Transportation Security Administration officials want to make good on old priorities to improve technology at airport security checkpoints.
The Transportation Security Administration is anticipating deploying better identification document handling and luggage screening technologies at airport security checkpoints, but it is still looking to industry for more big ideas that will help its mission, according to top technology and acquisition executives.
"We've been trying to deploy CATs [credential authentication technology] since 2008," said Latetia Henderson, assistant administrator of acquisition program management at TSA, in remarks at a June 20 industry day in Washington, D.C.
"It's an old priority, but it is my No. 1 priority," said Henderson of the technology that will allow passengers to have their government-issued identification documents scanned electronically at checkpoints. The process promises to speed passengers through the security check and provide more security efficiency.
The agency has been testing CAT, she said, and is moving to implement it soon. The CAT systems are the first IT systems to be deployed at the checkpoint, so they will have to optimize its operational performance, she said.
With passenger ranks increasing and agency budgets shrinking, TSA is looking at the challenge of getting people through airport checkpoints more efficiently without compromising security, said Austin Gould, assistant administrator of TSA's Requirements and Capabilities Analysis Office.
"For us, it's checkpoint CT [computed tomography], more accurate screening of luggage," he said. The agency is deploying more of the sophisticated scanning equipment that produces fewer false alarms, he said. Even with the more efficient CAT document processing and the more accurate CT screening of luggage, however, Gould said TSA will need help with developing more accurate and efficient "on-person screening" technologies and processes. "The objective is how do you get people though the checkpoint more quickly, but not compromise security."
The IT office's first priority is to tie all those operational components together, said Russell Roberts, TSA CIO and assistant administrator, information technology.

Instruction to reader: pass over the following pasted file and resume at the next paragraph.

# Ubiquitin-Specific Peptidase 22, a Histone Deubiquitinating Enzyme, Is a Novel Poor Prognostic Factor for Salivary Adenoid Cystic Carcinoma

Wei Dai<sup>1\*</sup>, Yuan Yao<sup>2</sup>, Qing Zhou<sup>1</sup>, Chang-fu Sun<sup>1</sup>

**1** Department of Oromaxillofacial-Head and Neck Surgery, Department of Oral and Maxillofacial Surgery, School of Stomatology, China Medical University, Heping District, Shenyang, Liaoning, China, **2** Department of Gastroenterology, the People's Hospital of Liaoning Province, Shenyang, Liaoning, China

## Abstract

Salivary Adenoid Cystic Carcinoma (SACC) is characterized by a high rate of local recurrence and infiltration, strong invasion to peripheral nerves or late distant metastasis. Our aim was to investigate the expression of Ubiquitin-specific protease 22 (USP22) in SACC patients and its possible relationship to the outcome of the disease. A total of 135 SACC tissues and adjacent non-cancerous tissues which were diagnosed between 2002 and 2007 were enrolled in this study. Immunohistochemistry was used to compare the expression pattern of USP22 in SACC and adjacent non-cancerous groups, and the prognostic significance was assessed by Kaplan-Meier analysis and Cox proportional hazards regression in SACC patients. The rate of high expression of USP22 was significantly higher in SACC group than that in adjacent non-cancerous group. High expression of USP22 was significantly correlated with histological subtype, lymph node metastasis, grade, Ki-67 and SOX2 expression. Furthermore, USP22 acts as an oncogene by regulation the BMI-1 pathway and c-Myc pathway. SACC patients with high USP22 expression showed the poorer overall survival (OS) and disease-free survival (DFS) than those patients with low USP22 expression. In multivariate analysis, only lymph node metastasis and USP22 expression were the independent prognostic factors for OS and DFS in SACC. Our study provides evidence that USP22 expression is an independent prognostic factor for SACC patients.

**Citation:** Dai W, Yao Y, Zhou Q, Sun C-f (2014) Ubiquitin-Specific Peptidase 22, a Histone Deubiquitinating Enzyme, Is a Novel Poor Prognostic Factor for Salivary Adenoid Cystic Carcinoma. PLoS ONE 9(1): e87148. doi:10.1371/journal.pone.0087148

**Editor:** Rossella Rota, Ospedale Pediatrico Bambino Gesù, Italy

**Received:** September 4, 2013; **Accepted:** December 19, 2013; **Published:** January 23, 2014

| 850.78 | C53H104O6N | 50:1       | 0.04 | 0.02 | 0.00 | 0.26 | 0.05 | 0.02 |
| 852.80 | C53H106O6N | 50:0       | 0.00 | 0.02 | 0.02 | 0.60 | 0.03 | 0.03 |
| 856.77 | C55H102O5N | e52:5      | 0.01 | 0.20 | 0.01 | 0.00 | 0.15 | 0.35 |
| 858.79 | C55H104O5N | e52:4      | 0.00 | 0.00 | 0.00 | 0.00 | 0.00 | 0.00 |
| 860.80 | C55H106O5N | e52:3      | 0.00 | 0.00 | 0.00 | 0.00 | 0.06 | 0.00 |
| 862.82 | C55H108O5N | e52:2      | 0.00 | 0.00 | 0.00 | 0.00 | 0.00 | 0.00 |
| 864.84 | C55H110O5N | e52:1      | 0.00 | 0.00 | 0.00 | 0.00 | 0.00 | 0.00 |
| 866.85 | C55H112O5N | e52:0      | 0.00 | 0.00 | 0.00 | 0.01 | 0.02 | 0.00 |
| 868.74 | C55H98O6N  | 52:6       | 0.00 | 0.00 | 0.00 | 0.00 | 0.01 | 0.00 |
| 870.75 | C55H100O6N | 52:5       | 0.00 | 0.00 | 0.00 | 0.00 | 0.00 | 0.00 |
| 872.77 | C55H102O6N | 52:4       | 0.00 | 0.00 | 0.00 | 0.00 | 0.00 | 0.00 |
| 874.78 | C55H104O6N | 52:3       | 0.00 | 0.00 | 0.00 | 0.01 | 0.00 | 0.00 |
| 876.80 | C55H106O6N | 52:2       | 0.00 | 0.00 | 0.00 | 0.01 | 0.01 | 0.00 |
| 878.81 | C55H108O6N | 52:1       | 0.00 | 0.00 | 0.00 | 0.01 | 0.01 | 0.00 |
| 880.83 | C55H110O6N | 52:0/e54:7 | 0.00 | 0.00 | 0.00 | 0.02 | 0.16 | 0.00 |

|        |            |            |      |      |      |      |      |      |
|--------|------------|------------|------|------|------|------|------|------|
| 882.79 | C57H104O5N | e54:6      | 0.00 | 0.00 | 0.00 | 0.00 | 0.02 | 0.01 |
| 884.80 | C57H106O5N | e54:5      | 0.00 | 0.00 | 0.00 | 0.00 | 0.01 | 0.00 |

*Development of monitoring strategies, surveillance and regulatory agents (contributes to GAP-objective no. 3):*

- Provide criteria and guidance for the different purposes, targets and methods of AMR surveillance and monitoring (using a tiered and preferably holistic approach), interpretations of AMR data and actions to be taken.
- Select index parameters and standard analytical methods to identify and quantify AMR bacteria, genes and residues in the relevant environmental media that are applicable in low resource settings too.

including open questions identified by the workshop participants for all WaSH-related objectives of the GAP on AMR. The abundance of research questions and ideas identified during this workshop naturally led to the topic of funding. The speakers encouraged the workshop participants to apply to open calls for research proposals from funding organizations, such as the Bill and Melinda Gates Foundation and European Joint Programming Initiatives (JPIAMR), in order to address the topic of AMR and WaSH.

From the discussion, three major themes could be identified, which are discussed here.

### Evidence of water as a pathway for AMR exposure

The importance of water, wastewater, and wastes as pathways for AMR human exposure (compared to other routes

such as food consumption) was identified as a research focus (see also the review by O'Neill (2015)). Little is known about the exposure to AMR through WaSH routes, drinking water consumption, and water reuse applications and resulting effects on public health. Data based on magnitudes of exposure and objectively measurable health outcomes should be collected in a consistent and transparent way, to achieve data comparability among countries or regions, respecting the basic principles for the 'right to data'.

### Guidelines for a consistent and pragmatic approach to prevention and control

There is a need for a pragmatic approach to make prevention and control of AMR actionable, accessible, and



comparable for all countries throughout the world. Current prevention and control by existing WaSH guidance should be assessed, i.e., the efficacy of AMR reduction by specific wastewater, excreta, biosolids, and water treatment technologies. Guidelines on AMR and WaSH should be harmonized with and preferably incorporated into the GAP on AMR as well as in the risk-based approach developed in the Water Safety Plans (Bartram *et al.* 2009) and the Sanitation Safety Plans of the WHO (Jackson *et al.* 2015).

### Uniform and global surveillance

"My first and most important priority is to stabilize the networks" that support the agency, he said. "We have to stabilize all of the systems that we use to support the agency's counterterrorism mission."
"Cybersecurity is critical," he said referencing the recent news that one of Customs and Border Protection's contractors had recently been breached. "There's lots of horror stories out there."
"If you want to do business with us you'd better be good at cybersecurity," he said.
Delivering technology that TSA's airport partners can work with is also important, he said.
Both TSA and the Department of Homeland Security are looking for increasingly close ties with industry and with airport and travel industry stakeholders to solve problems in innovative ways, according to top TSA and DHS officials headlining the industry day.
TSA's three strategic priorities, said Patricia Cogswell, the agency's acting deputy administrator, are to enhance security, develop its workforce and accelerate action from identifying threats to fielding solutions.
Industry and stakeholders such as airports will play an increasingly larger role in addressing those priorities, she said. The key to the future, she said, is to stop saying, "We always did it that way."
DHS Chief Procurement Officer Soraya Correa, who appeared onstage with Cogswell at the TSA event, agreed. She pointed to her agency's repeated efforts to bring industry in on developing technology and contracts early and often, as well as to engage potential contractors who have never worked with the federal government before.
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